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Performance Anxiety + How to Deal With It

Performance Anxiety + How to Deal With It
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Nervous energy can manifest itself in a variety of different ways. Whether it’s dry mouth, a nervous twitch, shaky knees, the slightly-higher-than-normal voice, involuntarily hunched shoulders, we’re all susceptible and it’s impossible to predict if or when those butterflies will kick in.

Here’s a great analogy several teachers have shared with me over the years: imagine a spotlight hanging above you. That spotlight represents what you’re aware of at any given moment. If the spotlight is on you, then you’re in a state of self-awareness. If the spotlight is shining on someone or something else, that means your awareness is on that person or thing. So if 100% of your spotlight is on someone else, how much is on you

Zero, right? And therein lies the problem. You’re in the moment, hopefully, you’re feeling great, your preparation is kicking in. So far so good. But suddenly your voice cracks or you make a mistake in the text or your knee trembles. You immediately become self-conscious. All those negative thoughts come flooding back in and the spotlight has turned its gaze in your direction.  

Terrifying, right?

Whatever methodology or approach you take to your work, this is something all performers can all relate to, so here are some ideas that can help us in these situations.

1. Objective
Most acting coaches and theorists have the idea of objective at the center of their approach because it’s crucial to Stanislavski’s system—and it works. Whatever your take on objective, nothing is more helpful in dealing with nerves than focusing on the other person in the scene and actively trying to get what you want or need from that him or her. If you’re in the zone, it’s because your awareness is completely tied up in achieving that objective, whether conscious or not.

2. Listening
In order to listen, our awareness and focus must be on the other person. If you find this concept hard to understand, build on the inquisitive parts of who you are. Stop posting selfies and instead, observe what’s around you. Read, people watch, ask a lot of questions. Listening will get easier if do it more.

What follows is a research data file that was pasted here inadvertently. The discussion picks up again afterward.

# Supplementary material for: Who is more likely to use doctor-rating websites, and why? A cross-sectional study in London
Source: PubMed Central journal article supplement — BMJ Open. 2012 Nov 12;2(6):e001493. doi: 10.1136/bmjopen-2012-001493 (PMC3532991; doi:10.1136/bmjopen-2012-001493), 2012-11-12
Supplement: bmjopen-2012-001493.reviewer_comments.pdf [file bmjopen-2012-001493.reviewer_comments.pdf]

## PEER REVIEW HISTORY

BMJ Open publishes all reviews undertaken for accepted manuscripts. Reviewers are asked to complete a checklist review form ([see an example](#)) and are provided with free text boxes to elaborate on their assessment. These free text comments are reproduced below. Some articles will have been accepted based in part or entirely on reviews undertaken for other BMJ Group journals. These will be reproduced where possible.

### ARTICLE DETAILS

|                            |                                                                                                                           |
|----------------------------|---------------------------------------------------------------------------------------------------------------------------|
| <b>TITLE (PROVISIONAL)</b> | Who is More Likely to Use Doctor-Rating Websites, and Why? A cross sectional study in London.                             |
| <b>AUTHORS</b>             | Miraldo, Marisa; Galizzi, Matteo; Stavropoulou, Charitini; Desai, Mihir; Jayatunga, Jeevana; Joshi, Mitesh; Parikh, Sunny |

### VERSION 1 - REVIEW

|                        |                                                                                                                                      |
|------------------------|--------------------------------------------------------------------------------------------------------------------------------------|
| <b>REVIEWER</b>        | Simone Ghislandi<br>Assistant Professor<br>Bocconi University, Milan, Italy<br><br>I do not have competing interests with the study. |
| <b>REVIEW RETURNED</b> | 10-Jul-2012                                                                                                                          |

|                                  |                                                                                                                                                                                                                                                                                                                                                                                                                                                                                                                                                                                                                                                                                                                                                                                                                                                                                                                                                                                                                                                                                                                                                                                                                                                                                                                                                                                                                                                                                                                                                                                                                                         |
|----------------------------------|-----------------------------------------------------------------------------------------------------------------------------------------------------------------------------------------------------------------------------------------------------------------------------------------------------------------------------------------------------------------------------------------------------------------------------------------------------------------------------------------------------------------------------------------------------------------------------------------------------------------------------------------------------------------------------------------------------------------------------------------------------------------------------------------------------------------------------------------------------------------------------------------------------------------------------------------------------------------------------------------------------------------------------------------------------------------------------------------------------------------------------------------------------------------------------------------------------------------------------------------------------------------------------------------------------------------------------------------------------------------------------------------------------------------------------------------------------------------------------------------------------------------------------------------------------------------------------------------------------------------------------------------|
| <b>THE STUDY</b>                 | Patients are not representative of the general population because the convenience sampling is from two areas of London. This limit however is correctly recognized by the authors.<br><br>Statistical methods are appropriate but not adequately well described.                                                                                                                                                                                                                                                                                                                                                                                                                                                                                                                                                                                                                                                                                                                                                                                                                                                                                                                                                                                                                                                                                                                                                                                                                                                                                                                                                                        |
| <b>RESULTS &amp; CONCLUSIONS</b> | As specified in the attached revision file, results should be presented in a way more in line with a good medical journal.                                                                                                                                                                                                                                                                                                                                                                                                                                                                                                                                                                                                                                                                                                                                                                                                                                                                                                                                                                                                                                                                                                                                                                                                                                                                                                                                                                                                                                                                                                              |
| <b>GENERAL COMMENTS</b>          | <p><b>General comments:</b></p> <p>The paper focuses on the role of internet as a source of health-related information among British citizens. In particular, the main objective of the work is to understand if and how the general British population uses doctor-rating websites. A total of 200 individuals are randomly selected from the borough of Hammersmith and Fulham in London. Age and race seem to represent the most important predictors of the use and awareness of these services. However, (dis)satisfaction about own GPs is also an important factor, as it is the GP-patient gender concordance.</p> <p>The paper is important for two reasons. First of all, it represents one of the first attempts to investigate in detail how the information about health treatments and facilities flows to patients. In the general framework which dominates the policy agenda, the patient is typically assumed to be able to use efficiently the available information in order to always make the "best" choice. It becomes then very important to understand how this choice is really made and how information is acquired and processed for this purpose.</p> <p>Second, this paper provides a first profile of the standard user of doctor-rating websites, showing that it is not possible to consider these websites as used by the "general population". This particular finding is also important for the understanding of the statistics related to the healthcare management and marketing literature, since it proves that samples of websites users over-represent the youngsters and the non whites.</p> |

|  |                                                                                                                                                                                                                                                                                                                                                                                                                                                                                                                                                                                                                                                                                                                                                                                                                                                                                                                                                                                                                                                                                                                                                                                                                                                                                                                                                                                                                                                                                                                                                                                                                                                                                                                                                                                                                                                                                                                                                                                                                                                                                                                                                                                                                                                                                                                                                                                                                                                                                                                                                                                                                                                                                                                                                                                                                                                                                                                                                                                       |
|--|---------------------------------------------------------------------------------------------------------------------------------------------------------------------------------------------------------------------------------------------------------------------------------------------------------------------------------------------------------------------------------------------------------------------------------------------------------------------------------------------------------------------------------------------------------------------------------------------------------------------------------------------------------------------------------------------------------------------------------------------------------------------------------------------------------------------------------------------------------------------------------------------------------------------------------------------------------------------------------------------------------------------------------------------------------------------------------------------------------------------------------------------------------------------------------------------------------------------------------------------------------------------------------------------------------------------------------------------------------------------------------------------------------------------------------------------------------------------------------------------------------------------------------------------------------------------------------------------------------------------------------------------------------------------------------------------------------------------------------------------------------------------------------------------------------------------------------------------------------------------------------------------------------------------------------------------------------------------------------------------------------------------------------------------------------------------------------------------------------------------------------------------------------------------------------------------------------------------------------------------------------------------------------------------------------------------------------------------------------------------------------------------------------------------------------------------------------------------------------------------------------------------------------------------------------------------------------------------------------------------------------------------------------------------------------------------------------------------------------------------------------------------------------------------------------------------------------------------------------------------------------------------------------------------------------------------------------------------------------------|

READ: 1 Foolproof Way to Get Rid of Audition Nerves

3. Endowment
Think about who’s on top in any scene. Who holds the power? When do they hold the power? How are they maintaining or losing that status? If you consider this in your preparation, it will help you become much more aware of the other person.

4. Environment
Use your time in the waiting room before the audition to observe shapes, colors, sounds, and texture. Remember that the other actors around you are also prepping, so stay contained but do keep your focus out as opposed to in your head in the lead up to the audition. Focusing on anything other than yourself and your thoughts has helped me immensely in auditions.

5. Presence
Another waiting room exercise that can help is to concentrate on all of your senses. In your head, list the things you can hear, smell, see, feel, and taste while you sit. The sound in the room, the leather on the chairs, the old film canisters on the shelf, the glossy magazines, the mint you had in the elevator that’s still lingering on your tongue. Though this may sound like a distraction from the task at hand, really focusing on these things will actually help to put you in the right headspace without overthinking the audition.

If you can commit to one or all of these concepts and find ways to incorporate them into your audition prep, auditions will get easier and better. Good luck!

Originally from New Zealand, Jamie is an actor, director, and acting coach. As an actor, his TV and film credits include “Underbelly Land of the Long Green Cloud,” “Crushed,” “Westside,” “Anzac Girls,” and much more. Currently a member of the faculty at Theatre of Arts in Hollywood, Jamie has also coached and directed for Actors Centre Australia, NIDA, Griffin Theatre Company, North Shore Drama, Ensemble Theatre and CCMT. Jamie trained at NIDA and has privately coached many actors in acting, audition prep, text analysis, showreel production, new media writing, on-camera, and voiceover. For more information about Jamie, visit his website:

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The views expressed in this article are solely that of the individual(s) providing them,
and do not necessarily reflect the opinions of Backstage or its staff.

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